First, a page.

Bite-sized Diva tutorials

Bite-sized Diva tutorials

A series of small, quick tutorials for Diva. From exploring the parameters of modules to new ways of using some of Diva’s features.

Made with Diva 1.0

Filed in

Beginner, Intermediate
Tips and tricks, sound design

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Diva tutorial 01 - Distortion

This is the first of a series of bite-sized tutorials aimed at users of u-he’s latest synthesizer, Diva. Let’s get straight to the nitty-gritty i.e. the fascinating subject of distortion.

Act I

Diva does not have a dedicated distortion module. Hardware analogue synths naturally distort at several points within the signal path, and because Diva is a close emulation, it does not need a dedicated distortion module either. Like in analogue mixers etc., gain-staging is rather important in Diva. In search of the best distortion you do not always need to turn everything (oscillator levels and filter resonance) up to eleven. The first example here shows that turning ocillator levels down is best for the typical “acid” distortion for which the Roland TB303 and MS-20 were justly famous.

Act II - beef

On the other hand, Diva’s mixer (pre-filter) and amplifier will only distort if you give them plenty of signal. Here, the oscilloscope is left open to show the subtle waveshaping that can lead to a more beefy sound.


Not really distortion, but ring modulation between the two notes of a duophonic patch is a very characterful effect that also delivers enough grit to cut through a mix.

Act IV

OK, Diva does actually have a distortion effect. It is not dedicated, but built into the Rotary (Leslie effect) module…

Diva tutorial 02 - Glide2

The second in a series of bite-sized tutorials aimed at users of u-he’s latest synthesizer, Diva. This one is about uses of the Glide2 parameter that might not be so obvious.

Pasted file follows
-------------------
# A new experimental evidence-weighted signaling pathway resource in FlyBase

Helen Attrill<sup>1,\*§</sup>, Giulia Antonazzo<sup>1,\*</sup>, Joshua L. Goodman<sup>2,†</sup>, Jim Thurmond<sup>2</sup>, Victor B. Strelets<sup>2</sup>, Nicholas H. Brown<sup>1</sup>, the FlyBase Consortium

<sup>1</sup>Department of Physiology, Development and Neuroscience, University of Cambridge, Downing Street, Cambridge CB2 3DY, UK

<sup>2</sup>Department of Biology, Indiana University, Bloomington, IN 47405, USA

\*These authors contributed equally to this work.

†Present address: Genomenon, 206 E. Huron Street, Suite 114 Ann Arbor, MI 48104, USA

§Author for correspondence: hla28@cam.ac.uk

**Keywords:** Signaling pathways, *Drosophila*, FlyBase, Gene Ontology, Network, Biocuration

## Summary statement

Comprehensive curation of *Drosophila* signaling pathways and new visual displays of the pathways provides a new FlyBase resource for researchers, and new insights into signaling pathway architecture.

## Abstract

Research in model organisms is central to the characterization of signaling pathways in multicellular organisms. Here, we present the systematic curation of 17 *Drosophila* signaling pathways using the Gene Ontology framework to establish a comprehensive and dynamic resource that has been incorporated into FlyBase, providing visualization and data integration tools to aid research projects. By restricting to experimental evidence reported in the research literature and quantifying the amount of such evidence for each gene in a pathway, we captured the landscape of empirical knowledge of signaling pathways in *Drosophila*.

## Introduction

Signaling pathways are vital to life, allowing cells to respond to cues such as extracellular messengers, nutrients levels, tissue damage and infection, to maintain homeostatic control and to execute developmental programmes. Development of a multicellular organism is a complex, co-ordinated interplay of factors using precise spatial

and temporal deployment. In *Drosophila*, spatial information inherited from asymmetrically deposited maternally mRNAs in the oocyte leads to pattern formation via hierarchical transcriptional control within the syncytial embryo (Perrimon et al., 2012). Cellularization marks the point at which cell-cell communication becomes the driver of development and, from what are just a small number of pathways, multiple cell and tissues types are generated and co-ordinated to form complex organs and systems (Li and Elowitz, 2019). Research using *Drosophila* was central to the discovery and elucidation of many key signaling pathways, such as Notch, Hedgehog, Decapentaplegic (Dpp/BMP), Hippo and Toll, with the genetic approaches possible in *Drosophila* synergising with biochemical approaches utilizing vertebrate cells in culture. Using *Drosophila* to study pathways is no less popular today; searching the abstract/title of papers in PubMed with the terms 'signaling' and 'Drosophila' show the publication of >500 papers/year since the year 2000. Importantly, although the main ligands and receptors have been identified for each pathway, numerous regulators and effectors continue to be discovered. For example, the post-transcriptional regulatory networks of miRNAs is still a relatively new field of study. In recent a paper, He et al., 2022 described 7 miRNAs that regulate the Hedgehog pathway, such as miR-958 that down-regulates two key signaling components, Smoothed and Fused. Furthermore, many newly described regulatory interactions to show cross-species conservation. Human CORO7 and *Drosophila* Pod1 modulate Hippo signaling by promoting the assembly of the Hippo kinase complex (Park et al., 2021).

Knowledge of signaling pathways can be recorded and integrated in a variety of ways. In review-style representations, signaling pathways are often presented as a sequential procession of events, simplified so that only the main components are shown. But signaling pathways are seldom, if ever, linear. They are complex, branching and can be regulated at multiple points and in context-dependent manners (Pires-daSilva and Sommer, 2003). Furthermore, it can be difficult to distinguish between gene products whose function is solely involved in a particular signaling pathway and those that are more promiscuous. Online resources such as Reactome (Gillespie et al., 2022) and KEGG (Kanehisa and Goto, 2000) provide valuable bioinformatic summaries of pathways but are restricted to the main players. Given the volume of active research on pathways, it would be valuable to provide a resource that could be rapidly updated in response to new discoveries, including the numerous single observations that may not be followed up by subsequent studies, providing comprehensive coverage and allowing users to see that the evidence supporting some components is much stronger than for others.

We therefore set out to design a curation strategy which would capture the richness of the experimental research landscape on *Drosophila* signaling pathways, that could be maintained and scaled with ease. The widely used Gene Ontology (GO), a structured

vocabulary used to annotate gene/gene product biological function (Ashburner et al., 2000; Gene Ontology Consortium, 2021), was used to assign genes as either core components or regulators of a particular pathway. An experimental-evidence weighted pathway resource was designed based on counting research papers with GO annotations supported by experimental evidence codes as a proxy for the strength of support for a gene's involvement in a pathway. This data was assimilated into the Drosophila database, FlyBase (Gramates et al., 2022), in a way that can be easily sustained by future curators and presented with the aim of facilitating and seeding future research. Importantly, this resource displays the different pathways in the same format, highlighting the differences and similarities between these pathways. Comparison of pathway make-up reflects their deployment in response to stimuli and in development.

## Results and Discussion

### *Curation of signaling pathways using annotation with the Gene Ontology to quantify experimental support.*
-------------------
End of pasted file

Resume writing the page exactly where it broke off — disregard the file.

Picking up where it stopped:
Diva invites you onto the slippery slope called Glide2…

Act I

This starts with standard usage i.e. what most people associate with portamento in a synthesizer, then shows you that Glide2 is simply a speed offset applied to VCO2 (and VCO3 in the Triple VCO model). One of the many quirks that made the original Minimoog sound so good was the fact that the oscillators do not glide at precisely the same rate—that’s why the template INIT Minimono already includes a minimum amount of Glide2… you can clearly hear the effect around 15 seconds into the video.

VCOs are then turned up and down to demonstrate that there are two different glide rates.

Act II

This demonstrates how to apply Glide2 to the filter cutoff only—fairly easy because the modulation source KeyFollow2 includes Glide2. The result is an interesting slippery effect.

Of course you can process KeyFollow2 in the Modifications page first. This example use the quantizer to add steps to the glide, making it more of a filter glissando than a portamento.

Diva tutorial 03 - Brass Bounce

The third in a series of bite-sized tutorials aimed at users of u-he’s latest synthesizer, Diva. The sounds made in this video certainly won’t be to everyone’s taste—they are all typical old synthbrass. However, the point is to show several different methods of getting similar results, even with a limited set of modules.

So let’s bounce…

Method 1 starts with the usual synthbrass settings, but we soon run into the problem of not having enough envelopes for VCA, VCF cutoff, and pitch modulation at the beginning of each note. So LFO2 is used for cutoff, freeing up Envelope2 for pitch modulation.

Method 2 reverts to the usual Envelope2 for cutoff. The LFO takes over for pitch modulation, but in a special way: LFO2’s delay parameter ramps down to the bottom of a square wave (set to minimum rate so it won’t cycle). Note that the pitch modulation is also negative—a minus times a minus is a plus.